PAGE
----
Tate and lyle sugar factory

6.90  ·  3,725 ratings  ·  230 reviews
Posted on by
tate and lyle sugar factory

The Sugar Girls: Tales of Hardship, Love and Happiness in Tate Lyle’s East End by Duncan Barrett

`Delightful, a terrific piece of nonfiction storytelling, and an authoritative and highly readable work of social history which brings vividly to life a fascinating part of East End life before it is lost forever. --Melanie McGrath, author of Silvertown and Hopping

‘On an autumn day in 1944, Ethel Alleyne walked the short distance from her house to Tate & Lyle’s refinery on the shining curve of the Thames. Looking up at the giant gates, Ethel felt like she had been preparing for this moment all her life. She smoothed down her frizzy hair, scraped a bit of dirt off the corner of her shoe and strode through.

She was quite unprepared for the sight that met her eyes …’

In the years leading up to and after the Second World War thousands of women left school at fourteen to work in the bustling factories of London’s East End. Despite long hours, hard and often hazardous work, factory life afforded exciting opportunities for independence, friendship and romance. Of all the factories that lined the docks, it was at Tate and Lyle’s where you could earn the most generous wages and enjoy the best social life, and it was here where The Sugar Girls worked.

Through the Blitz and on through the years of rationing The Sugar Girls kept Britain sweet. The work was back-breakingly hard, but Tate & Lyle was more than just a factory, it was a community, a calling, a place of love and support and an uproarious, tribal part of the East End. From young Ethel to love-worn Lillian, irrepressible Gladys to Miss Smith who tries to keep a workforce of flirtatious young men and women on the straight and narrow, this is an evocative, moving story of hunger, hardship and happiness.

Tales of adversity, resilience and youthful high spirits are woven together to provide a moving insight into a lost way of life, as well as a timeless testament to the experience of being young and female.

For more information, pictures and audio clips, as well as the Sugar Girls blog, visit: http://www.thesugargirls.com
File Name: tate and lyle sugar factory.zip
Size: 42207 Kb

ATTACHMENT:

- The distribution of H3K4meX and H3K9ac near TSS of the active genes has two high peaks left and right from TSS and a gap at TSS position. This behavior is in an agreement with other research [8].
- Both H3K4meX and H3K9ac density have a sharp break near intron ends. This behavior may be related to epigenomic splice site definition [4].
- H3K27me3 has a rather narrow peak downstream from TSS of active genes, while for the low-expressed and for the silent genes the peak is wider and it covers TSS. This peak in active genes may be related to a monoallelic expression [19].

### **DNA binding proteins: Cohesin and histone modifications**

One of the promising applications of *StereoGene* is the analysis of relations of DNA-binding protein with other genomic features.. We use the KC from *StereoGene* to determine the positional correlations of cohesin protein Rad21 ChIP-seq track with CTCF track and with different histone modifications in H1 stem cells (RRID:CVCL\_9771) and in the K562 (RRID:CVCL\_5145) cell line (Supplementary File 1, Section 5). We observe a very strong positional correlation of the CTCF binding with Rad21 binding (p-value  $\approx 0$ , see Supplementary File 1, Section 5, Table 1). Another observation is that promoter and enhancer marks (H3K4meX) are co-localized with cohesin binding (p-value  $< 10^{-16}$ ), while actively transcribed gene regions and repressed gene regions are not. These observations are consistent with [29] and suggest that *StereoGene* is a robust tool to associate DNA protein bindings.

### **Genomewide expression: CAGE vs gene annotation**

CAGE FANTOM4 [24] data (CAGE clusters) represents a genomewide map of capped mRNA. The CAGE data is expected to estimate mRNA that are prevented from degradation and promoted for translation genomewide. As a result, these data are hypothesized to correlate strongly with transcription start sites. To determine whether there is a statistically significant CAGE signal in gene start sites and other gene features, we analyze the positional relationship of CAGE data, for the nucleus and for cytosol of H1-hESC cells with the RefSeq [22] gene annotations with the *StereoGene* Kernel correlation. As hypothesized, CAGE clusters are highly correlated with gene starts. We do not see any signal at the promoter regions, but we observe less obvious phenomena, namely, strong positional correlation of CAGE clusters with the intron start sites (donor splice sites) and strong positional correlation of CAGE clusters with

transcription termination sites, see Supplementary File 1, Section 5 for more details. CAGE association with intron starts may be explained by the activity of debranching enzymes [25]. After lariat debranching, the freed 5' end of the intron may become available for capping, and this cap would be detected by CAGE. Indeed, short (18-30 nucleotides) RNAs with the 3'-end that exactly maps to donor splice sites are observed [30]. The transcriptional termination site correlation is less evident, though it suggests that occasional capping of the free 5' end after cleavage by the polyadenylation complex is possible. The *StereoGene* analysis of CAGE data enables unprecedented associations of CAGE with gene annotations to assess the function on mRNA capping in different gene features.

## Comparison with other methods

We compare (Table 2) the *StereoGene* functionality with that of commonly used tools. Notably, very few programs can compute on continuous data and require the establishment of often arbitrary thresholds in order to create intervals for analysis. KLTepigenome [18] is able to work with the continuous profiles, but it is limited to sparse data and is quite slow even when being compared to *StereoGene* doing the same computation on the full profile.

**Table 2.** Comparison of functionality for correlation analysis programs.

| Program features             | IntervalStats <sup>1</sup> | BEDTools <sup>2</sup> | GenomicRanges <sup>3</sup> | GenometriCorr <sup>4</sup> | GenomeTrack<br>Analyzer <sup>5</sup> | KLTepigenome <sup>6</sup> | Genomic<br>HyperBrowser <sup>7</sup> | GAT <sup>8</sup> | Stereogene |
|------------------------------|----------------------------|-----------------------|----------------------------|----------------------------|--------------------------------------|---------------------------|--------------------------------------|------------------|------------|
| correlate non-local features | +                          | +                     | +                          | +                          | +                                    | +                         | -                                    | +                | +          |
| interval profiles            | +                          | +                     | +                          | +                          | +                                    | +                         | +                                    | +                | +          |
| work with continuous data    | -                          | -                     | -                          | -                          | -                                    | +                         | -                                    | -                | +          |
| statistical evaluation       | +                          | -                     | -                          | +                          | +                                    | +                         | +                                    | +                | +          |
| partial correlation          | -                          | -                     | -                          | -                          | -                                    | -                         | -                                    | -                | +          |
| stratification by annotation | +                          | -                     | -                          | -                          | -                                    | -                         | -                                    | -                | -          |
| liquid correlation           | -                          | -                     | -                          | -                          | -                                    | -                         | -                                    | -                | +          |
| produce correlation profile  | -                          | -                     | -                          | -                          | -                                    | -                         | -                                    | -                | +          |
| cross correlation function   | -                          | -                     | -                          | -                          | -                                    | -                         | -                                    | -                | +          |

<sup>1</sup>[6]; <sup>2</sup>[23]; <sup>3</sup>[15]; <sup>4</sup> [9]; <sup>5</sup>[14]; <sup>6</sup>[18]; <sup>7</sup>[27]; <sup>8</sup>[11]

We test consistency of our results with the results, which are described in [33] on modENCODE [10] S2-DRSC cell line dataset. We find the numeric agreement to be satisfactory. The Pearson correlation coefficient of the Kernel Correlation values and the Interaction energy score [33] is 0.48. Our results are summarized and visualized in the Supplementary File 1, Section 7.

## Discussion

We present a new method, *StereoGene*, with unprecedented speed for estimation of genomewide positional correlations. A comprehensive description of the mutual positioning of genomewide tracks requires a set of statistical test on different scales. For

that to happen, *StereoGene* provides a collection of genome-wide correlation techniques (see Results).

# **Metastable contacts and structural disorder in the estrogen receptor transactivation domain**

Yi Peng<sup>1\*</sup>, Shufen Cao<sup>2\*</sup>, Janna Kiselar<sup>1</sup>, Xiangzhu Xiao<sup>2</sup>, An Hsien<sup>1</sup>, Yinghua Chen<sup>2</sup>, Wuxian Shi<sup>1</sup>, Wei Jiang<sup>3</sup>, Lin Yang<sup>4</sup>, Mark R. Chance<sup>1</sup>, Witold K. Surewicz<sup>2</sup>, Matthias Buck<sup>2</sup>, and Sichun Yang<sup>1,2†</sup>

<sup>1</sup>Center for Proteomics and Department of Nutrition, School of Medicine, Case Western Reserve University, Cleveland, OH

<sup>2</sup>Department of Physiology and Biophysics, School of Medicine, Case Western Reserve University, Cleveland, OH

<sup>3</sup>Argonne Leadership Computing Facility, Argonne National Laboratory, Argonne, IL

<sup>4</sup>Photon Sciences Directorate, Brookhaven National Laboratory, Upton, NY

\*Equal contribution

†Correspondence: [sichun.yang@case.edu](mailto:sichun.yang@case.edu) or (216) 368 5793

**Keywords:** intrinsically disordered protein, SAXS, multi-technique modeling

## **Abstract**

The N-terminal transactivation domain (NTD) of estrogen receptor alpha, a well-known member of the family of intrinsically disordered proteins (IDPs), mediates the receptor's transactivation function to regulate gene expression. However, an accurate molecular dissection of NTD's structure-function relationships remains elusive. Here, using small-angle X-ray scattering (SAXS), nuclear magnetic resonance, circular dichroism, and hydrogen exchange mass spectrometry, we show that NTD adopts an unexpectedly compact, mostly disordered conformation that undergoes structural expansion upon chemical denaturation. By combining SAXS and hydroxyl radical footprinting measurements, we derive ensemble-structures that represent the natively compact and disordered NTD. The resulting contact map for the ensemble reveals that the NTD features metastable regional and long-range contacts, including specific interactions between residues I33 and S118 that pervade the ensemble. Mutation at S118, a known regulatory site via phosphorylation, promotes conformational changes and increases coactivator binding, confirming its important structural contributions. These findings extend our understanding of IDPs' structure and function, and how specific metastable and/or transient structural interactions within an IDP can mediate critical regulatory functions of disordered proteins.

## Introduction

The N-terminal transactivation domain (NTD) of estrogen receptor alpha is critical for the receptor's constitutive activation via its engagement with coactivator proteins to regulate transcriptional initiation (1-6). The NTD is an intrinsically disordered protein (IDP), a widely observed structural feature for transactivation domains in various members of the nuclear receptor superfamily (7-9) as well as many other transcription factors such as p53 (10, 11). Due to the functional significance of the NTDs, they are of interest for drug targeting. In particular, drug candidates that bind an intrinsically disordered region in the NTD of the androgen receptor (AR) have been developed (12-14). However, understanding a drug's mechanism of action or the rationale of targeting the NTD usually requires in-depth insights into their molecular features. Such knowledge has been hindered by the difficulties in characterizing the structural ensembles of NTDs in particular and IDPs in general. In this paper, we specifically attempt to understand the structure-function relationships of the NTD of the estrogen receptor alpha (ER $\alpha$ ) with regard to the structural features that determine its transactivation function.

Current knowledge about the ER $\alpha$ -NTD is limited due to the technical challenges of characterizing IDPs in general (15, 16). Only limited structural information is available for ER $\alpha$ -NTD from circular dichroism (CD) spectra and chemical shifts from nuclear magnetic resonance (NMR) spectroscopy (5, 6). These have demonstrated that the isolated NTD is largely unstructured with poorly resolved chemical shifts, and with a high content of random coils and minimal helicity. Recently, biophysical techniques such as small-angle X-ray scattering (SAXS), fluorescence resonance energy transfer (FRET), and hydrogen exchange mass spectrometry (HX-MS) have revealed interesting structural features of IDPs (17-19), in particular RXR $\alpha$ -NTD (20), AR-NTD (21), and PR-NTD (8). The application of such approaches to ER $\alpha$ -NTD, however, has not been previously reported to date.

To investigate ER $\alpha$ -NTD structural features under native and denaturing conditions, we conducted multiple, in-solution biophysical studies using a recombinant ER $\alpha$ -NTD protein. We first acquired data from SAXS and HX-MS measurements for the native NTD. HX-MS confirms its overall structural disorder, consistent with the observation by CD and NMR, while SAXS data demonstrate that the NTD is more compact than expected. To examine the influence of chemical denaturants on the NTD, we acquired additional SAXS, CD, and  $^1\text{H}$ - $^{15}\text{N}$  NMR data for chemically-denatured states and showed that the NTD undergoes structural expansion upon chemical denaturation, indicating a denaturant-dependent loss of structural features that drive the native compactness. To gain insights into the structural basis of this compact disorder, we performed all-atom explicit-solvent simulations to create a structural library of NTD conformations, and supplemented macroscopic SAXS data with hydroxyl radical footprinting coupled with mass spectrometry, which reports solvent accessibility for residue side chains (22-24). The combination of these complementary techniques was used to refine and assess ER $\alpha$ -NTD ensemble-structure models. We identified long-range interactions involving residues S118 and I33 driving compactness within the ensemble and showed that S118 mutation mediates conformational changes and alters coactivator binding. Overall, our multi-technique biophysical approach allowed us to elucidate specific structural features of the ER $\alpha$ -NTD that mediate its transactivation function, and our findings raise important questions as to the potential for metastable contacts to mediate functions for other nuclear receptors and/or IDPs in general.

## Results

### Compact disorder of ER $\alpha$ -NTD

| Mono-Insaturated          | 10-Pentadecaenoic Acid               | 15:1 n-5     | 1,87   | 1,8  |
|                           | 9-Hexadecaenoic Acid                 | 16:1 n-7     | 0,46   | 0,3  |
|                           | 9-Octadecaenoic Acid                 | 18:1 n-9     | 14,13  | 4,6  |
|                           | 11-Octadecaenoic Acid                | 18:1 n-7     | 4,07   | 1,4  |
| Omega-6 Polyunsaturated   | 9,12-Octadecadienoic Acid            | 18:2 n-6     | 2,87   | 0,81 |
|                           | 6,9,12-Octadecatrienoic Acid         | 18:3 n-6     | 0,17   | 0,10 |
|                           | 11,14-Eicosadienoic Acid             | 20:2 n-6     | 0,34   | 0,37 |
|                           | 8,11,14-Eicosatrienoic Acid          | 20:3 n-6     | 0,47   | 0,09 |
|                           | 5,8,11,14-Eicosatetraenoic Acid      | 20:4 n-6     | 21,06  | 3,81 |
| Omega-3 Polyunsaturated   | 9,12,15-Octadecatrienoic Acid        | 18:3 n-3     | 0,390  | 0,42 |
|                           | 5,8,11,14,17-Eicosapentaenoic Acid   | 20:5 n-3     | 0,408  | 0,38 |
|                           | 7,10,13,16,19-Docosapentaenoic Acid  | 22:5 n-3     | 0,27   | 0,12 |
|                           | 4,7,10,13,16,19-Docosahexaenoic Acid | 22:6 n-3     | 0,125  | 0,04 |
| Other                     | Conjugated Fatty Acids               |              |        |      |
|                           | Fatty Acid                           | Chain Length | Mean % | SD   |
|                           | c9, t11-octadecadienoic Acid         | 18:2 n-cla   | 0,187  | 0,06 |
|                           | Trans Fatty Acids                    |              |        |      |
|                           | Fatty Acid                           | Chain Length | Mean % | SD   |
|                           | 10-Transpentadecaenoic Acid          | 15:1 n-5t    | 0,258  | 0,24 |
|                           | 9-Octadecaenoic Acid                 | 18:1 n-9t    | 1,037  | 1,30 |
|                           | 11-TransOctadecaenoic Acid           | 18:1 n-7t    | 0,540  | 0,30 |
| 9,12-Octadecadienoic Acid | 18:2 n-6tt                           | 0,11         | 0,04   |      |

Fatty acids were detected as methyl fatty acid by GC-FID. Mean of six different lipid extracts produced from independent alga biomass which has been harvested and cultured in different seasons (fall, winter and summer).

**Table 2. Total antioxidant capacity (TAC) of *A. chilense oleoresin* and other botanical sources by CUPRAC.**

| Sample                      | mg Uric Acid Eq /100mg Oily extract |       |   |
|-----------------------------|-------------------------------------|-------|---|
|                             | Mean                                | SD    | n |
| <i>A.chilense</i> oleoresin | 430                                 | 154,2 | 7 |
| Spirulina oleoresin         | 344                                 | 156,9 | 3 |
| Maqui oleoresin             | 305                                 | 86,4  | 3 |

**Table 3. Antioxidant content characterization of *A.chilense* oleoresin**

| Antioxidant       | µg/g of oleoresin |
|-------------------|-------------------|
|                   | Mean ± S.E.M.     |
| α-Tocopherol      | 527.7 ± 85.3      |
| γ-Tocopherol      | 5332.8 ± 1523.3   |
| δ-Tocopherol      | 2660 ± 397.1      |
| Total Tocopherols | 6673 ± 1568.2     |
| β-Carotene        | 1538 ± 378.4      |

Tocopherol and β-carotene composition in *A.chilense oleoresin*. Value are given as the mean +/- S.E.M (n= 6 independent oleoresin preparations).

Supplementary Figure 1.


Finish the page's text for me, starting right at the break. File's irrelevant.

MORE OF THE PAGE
Published 28.12.2018

Tate & Lyle Sugar Workers Strike (1970-1979)

By Amy Wilson.
Duncan Barrett

A tour of Tate & Lyle’s raw sugar mountain

Rhiannon Long. The raw sugar shed, which can hold up to a week's worth of the UK's sugar, 50, tonnes. Picture: Ken Mears. The Thames sees around 20 vessels carrying up to 45, tonnes of sugar every year. Journeys can last six weeks, with boats arriving from Fiji, Mozambique, Guyana and Belize. Henry Tate opened his Silvertown refinery in , specialising in sugar cubes. The factory has never closed its doors, even during the wars.

It was originally a sugar refining business, but from the s began to diversify, eventually divesting its sugar business in It specialises in turning raw materials such as corn and tapioca into ingredients that add taste, texture, and nutrients to food and beverages. Nick Hampton became CEO on 1 April , replacing Javed Ahmed , who stepped down from this role and from the board, and retired from the company. Henry Tate established his business in in Liverpool , later expanding to Silvertown in East London. He endowed the gallery with his own collection of Pre-Raphaelite paintings. Abram Lyle , a cooper and shipowner, acquired an interest in a sugar refinery in in Greenock and then at Plaistow Wharf, West Silvertown, London.

Photography: Sam Bush. Here, piles of a brown and white sandy substance rise higher than the average house and then some. It looks like a slightly sticky and uneven brown sugar. If you ate some, he concedes, it would taste like sugar. As if to underline his point, a pigeon flaps around high up in the roof space.

Navigation menu

Else Kvist. The Common Agricultural Policy CAP was set up in to protect European farmers and food supply after the founding members of the European Community emerged from more than a decade of severe food shortages during and after the Second World War. But the policy has proved controversial with member states where agriculture makes up only a small part of the economy such as the UK, who say it favours the French and German. Henry Tate had established his business in in Liverpool before expanding to Silvertown in Abram Lyle acquired his interest in sugar refinery in Scotland and later had a factory at Plaistow Wharf. By contrast, sugar beet is grown in Europe where some of the biggest producers are France, Germany, Poland, and Holland. It grows in tropical and semitropical regions.



3 thoughts on “The Sugar Girls: Tales of Hardship, Love and Happiness in Tate Lyle’s East End by Duncan Barrett

Leave a Reply